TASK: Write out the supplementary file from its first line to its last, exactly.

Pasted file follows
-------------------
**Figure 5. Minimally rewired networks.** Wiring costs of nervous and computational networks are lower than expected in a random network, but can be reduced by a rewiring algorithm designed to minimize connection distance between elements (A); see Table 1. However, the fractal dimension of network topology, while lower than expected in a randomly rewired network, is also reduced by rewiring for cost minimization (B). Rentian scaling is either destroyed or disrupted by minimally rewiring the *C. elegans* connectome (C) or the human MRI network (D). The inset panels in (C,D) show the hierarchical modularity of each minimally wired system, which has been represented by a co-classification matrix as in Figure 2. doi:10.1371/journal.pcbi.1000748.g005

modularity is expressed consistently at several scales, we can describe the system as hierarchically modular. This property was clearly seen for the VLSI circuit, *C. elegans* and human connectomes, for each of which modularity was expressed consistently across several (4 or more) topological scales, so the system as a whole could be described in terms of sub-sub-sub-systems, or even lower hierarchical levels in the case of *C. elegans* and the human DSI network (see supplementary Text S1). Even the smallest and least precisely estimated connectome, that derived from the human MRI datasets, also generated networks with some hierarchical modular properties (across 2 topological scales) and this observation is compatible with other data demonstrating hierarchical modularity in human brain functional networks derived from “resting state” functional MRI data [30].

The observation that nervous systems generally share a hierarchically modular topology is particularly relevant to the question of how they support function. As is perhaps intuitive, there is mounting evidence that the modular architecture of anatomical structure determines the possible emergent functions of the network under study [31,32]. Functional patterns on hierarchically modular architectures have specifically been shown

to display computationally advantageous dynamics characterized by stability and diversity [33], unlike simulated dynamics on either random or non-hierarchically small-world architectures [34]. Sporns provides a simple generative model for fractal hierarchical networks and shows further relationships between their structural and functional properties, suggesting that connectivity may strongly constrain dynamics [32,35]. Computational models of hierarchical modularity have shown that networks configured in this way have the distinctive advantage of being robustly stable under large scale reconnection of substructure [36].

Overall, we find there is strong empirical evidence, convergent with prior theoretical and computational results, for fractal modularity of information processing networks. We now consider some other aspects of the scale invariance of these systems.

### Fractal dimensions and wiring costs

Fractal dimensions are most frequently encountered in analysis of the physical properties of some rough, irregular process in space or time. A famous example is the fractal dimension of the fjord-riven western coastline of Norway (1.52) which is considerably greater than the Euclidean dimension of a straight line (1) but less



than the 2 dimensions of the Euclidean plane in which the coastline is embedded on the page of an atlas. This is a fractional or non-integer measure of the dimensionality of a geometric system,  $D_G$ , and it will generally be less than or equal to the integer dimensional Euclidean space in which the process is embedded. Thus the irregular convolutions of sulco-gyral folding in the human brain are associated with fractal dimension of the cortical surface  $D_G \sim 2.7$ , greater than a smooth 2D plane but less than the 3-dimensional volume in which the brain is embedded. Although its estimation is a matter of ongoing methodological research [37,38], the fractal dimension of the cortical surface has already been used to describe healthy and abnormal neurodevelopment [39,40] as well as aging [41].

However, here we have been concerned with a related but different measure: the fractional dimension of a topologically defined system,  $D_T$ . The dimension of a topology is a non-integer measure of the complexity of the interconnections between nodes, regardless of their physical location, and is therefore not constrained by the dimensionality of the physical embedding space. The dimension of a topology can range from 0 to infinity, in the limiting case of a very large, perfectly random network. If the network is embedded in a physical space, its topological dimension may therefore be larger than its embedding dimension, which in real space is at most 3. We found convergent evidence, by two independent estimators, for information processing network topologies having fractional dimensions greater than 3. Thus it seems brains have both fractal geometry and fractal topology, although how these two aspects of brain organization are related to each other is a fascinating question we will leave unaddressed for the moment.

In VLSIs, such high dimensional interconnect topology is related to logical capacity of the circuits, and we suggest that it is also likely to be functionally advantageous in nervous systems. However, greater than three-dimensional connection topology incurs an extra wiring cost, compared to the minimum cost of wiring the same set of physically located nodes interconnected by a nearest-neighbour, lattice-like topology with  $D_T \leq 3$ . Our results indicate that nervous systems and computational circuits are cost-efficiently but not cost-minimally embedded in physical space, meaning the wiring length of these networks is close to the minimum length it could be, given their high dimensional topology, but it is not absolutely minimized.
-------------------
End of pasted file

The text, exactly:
**Figure 5. Minimally rewired networks.** Wiring costs of nervous and computational networks are lower than expected in a random network, but can be reduced by a rewiring algorithm designed to minimize connection distance between elements (A); see Table 1. However, the fractal dimension of network topology, while lower than expected in a randomly rewired network, is also reduced by rewiring for cost minimization (B). Rentian scaling is either destroyed or disrupted by minimally rewiring the *C. elegans* connectome (C) or the human MRI network (D). The inset panels in (C,D) show the hierarchical modularity of each minimally wired system, which has been represented by a co-classification matrix as in Figure 2. doi:10.1371/journal.pcbi.1000748.g005

modularity is expressed consistently at several scales, we can describe the system as hierarchically modular. This property was clearly seen for the VLSI circuit, *C. elegans* and human connectomes, for each of which modularity was expressed consistently across several (4 or more) topological scales, so the system as a whole could be described in terms of sub-sub-sub-systems, or even lower hierarchical levels in the case of *C. elegans* and the human DSI network (see supplementary Text S1). Even the smallest and least precisely estimated connectome, that derived from the human MRI datasets, also generated networks with some hierarchical modular properties (across 2 topological scales) and this observation is compatible with other data demonstrating hierarchical modularity in human brain functional networks derived from “resting state” functional MRI data [30].

The observation that nervous systems generally share a hierarchically modular topology is particularly relevant to the question of how they support function. As is perhaps intuitive, there is mounting evidence that the modular architecture of anatomical structure determines the possible emergent functions of the network under study [31,32]. Functional patterns on hierarchically modular architectures have specifically been shown

to display computationally advantageous dynamics characterized by stability and diversity [33], unlike simulated dynamics on either random or non-hierarchically small-world architectures [34]. Sporns provides a simple generative model for fractal hierarchical networks and shows further relationships between their structural and functional properties, suggesting that connectivity may strongly constrain dynamics [32,35]. Computational models of hierarchical modularity have shown that networks configured in this way have the distinctive advantage of being robustly stable under large scale reconnection of substructure [36].

Overall, we find there is strong empirical evidence, convergent with prior theoretical and computational results, for fractal modularity of information processing networks. We now consider some other aspects of the scale invariance of these systems.

### Fractal dimensions and wiring costs

Fractal dimensions are most frequently encountered in analysis of the physical properties of some rough, irregular process in space or time. A famous example is the fractal dimension of the fjord-riven western coastline of Norway (1.52) which is considerably greater than the Euclidean dimension of a straight line (1) but less



than the 2 dimensions of the Euclidean plane in which the coastline is embedded on the page of an atlas. This is a fractional or non-integer measure of the dimensionality of a geometric system,  $D_G$ , and it will generally be less than or equal to the integer dimensional Euclidean space in which the process is embedded. Thus the irregular convolutions of sulco-gyral folding in the human brain are associated with fractal dimension of the cortical surface  $D_G \sim 2.7$ , greater than a smooth 2D plane but less than the 3-dimensional volume in which the brain is embedded. Although its estimation is a matter of ongoing methodological research [37,38], the fractal dimension of the cortical surface has already been used to describe healthy and abnormal neurodevelopment [39,40] as well as aging [41].

However, here we have been concerned with a related but different measure: the fractional dimension of a topologically defined system,  $D_T$ . The dimension of a topology is a non-integer measure of the complexity of the interconnections between nodes, regardless of their physical location, and is therefore not constrained by the dimensionality of the physical embedding space. The dimension of a topology can range from 0 to infinity, in the limiting case of a very large, perfectly random network. If the network is embedded in a physical space, its topological dimension may therefore be larger than its embedding dimension, which in real space is at most 3. We found convergent evidence, by two independent estimators, for information processing network topologies having fractional dimensions greater than 3. Thus it seems brains have both fractal geometry and fractal topology, although how these two aspects of brain organization are related to each other is a fascinating question we will leave unaddressed for the moment.

In VLSIs, such high dimensional interconnect topology is related to logical capacity of the circuits, and we suggest that it is also likely to be functionally advantageous in nervous systems. However, greater than three-dimensional connection topology incurs an extra wiring cost, compared to the minimum cost of wiring the same set of physically located nodes interconnected by a nearest-neighbour, lattice-like topology with  $D_T \leq 3$ . Our results indicate that nervous systems and computational circuits are cost-efficiently but not cost-minimally embedded in physical space, meaning the wiring length of these networks is close to the minimum length it could be, given their high dimensional topology, but it is not absolutely minimized.